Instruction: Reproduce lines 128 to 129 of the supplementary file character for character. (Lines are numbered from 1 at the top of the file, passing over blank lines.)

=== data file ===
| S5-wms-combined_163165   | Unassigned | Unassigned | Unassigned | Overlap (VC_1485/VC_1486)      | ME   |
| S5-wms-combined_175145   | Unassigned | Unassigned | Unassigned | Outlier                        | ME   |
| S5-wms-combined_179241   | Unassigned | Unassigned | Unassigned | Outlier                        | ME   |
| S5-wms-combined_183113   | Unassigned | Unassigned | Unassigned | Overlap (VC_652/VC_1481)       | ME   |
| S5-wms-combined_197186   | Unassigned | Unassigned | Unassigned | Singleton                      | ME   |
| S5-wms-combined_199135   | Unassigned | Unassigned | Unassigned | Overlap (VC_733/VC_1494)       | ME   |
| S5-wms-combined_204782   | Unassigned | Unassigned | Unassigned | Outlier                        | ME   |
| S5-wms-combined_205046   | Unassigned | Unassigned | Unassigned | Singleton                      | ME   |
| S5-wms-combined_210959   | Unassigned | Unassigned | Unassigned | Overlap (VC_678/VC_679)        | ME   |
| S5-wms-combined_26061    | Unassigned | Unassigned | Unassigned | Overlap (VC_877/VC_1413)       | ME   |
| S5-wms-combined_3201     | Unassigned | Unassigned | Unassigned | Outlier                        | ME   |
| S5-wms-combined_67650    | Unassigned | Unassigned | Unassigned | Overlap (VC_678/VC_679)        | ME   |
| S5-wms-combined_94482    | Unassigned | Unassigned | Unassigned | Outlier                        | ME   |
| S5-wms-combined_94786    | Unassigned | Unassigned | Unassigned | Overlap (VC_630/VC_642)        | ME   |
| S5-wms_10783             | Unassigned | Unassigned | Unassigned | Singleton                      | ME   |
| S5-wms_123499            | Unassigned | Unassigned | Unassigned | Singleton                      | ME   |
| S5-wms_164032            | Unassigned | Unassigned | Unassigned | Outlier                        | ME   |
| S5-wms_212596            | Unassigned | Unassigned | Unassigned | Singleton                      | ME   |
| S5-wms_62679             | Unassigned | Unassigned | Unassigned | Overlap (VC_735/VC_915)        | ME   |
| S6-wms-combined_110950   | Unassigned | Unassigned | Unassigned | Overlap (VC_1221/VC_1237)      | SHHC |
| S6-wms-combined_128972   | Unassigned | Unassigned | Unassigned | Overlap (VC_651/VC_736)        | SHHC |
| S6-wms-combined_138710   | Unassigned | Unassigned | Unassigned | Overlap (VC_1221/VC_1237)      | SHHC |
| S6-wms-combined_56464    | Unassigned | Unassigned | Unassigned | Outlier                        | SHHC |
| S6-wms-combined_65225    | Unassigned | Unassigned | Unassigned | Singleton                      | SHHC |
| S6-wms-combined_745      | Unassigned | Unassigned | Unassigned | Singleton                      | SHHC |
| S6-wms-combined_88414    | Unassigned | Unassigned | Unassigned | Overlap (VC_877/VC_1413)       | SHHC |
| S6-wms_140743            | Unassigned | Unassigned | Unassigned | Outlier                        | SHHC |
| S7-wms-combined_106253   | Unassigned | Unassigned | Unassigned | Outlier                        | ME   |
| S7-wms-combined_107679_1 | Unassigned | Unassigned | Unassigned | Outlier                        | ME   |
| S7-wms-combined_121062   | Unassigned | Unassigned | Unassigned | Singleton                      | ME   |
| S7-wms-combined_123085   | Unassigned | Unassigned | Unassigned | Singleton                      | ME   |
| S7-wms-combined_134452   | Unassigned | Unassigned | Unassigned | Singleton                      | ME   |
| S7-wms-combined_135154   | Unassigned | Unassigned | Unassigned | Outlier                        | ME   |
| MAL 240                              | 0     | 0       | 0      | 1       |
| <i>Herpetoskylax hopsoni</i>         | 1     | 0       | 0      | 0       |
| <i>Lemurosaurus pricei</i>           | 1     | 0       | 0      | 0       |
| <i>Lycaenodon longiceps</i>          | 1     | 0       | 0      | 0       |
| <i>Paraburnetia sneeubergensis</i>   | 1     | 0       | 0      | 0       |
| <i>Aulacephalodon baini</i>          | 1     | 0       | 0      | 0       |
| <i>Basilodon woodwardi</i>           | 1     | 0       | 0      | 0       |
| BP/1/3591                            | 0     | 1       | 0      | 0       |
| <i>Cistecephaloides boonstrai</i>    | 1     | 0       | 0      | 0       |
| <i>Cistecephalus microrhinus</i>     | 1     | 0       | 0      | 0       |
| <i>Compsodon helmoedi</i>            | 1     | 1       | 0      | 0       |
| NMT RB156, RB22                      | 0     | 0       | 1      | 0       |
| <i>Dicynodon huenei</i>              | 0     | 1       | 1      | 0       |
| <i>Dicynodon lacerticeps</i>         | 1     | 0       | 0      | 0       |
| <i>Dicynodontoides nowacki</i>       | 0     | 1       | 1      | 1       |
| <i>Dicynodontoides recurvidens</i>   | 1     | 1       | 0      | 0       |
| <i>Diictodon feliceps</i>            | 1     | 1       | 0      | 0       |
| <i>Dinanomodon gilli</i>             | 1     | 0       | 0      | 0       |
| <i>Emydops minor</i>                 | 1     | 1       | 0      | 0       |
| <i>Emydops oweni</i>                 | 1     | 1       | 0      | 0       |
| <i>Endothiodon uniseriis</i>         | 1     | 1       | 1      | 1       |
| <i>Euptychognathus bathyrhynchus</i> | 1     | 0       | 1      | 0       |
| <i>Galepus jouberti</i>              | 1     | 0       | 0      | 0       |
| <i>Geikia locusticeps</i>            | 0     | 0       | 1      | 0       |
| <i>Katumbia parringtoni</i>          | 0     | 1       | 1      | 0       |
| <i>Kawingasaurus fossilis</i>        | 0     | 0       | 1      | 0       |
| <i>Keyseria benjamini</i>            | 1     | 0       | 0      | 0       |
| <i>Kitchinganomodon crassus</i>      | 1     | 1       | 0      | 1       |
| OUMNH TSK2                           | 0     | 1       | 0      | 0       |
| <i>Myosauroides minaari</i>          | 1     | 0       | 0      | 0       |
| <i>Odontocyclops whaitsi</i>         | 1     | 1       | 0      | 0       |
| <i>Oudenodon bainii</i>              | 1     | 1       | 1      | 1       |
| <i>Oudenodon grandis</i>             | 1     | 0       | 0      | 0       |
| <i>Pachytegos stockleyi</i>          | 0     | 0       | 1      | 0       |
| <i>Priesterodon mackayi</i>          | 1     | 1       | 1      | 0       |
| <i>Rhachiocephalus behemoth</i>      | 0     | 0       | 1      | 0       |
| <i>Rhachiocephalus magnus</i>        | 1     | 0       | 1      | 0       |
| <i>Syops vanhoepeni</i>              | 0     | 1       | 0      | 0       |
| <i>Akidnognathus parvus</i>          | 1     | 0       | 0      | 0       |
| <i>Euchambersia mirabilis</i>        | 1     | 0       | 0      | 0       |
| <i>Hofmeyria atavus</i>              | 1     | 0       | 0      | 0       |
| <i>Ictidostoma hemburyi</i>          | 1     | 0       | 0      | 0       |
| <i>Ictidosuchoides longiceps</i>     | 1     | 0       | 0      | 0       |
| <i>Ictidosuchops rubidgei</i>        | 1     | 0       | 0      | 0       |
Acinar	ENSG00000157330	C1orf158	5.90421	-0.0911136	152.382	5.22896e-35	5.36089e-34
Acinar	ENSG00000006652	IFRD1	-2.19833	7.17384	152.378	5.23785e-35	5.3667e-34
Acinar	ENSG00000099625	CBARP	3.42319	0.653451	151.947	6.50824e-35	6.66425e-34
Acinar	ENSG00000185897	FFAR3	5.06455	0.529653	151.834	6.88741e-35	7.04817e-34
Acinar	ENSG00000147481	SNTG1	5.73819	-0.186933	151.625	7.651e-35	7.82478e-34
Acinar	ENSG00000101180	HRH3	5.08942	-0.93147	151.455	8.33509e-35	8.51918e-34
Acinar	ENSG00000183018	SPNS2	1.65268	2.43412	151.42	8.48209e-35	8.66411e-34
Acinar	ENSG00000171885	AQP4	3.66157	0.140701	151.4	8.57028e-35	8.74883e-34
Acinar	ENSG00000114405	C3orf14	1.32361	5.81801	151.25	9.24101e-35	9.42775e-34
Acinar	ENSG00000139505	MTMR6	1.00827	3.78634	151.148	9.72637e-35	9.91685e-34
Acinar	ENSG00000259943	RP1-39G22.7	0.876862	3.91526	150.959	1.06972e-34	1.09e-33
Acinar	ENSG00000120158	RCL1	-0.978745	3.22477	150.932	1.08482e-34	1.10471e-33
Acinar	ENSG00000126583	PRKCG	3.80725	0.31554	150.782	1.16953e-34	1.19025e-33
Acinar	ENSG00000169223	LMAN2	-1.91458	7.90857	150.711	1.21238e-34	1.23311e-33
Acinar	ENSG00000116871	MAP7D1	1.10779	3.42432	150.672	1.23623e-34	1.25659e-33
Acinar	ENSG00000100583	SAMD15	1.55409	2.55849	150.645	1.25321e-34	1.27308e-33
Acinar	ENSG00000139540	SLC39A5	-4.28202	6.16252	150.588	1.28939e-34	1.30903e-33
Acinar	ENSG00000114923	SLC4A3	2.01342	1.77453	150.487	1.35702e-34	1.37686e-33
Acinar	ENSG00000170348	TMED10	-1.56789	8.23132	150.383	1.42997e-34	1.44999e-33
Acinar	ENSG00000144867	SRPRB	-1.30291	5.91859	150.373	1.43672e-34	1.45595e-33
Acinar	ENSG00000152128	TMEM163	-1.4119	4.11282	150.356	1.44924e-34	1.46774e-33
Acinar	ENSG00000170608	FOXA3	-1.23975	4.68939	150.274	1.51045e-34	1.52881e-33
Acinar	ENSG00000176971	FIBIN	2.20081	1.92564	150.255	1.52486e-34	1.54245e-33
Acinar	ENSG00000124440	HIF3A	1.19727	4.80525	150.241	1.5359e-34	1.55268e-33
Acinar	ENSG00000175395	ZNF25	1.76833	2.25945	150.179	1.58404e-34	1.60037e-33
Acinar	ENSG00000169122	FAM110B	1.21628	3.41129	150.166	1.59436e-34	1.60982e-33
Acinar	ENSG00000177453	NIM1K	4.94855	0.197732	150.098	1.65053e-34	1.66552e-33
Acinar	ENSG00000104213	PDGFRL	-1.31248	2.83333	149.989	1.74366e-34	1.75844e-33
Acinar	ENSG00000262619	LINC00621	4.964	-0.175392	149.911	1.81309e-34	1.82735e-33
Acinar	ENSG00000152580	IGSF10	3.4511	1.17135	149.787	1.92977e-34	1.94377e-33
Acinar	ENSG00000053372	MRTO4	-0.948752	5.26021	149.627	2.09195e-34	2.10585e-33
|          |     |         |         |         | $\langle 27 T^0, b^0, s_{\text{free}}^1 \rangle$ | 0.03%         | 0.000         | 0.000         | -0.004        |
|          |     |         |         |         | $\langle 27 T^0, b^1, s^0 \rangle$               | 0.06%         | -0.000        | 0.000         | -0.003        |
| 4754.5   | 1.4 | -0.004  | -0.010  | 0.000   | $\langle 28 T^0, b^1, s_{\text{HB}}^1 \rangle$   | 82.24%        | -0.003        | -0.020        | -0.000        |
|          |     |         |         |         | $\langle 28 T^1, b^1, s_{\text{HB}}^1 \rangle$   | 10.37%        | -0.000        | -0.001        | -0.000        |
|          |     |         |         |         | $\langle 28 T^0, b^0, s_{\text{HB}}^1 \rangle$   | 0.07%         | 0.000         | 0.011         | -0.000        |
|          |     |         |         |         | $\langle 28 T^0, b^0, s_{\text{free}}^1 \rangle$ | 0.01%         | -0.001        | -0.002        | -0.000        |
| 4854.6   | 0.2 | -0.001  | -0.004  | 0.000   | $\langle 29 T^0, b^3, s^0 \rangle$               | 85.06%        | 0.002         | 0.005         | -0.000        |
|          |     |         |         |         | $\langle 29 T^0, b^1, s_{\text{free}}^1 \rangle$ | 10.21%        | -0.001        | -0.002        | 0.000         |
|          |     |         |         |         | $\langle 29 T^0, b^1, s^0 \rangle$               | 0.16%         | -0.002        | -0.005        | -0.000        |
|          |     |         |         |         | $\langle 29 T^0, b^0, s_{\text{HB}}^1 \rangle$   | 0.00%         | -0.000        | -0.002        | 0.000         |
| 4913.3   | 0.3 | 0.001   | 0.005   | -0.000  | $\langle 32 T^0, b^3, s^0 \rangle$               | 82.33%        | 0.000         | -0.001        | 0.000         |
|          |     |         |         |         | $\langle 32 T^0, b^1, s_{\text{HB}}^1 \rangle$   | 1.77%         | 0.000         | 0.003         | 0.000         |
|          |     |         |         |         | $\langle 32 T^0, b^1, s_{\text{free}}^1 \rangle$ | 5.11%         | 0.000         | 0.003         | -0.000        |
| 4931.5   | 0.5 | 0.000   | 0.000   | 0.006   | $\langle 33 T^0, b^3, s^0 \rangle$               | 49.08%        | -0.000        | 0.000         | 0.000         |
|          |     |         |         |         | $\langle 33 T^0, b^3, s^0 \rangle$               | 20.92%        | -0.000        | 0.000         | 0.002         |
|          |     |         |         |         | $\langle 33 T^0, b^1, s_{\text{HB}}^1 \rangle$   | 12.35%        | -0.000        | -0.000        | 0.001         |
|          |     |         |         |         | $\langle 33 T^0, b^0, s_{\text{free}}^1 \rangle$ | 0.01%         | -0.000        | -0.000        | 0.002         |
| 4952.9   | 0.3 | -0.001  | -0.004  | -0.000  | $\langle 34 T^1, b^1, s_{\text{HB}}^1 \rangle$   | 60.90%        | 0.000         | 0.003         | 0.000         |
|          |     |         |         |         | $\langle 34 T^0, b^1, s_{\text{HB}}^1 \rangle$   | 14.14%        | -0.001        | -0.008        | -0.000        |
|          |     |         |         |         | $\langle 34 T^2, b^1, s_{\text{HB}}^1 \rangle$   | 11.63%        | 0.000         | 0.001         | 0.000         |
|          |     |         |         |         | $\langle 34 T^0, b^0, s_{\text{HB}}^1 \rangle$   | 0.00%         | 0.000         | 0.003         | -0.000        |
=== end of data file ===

|          |     |         |         |         | $\langle 34 T^2, b^1, s_{\text{HB}}^1 \rangle$   | 11.63%        | 0.000         | 0.001         | 0.000         |
|          |     |         |         |         | $\langle 34 T^0, b^0, s_{\text{HB}}^1 \rangle$   | 0.00%         | 0.000         | 0.003         | -0.000        |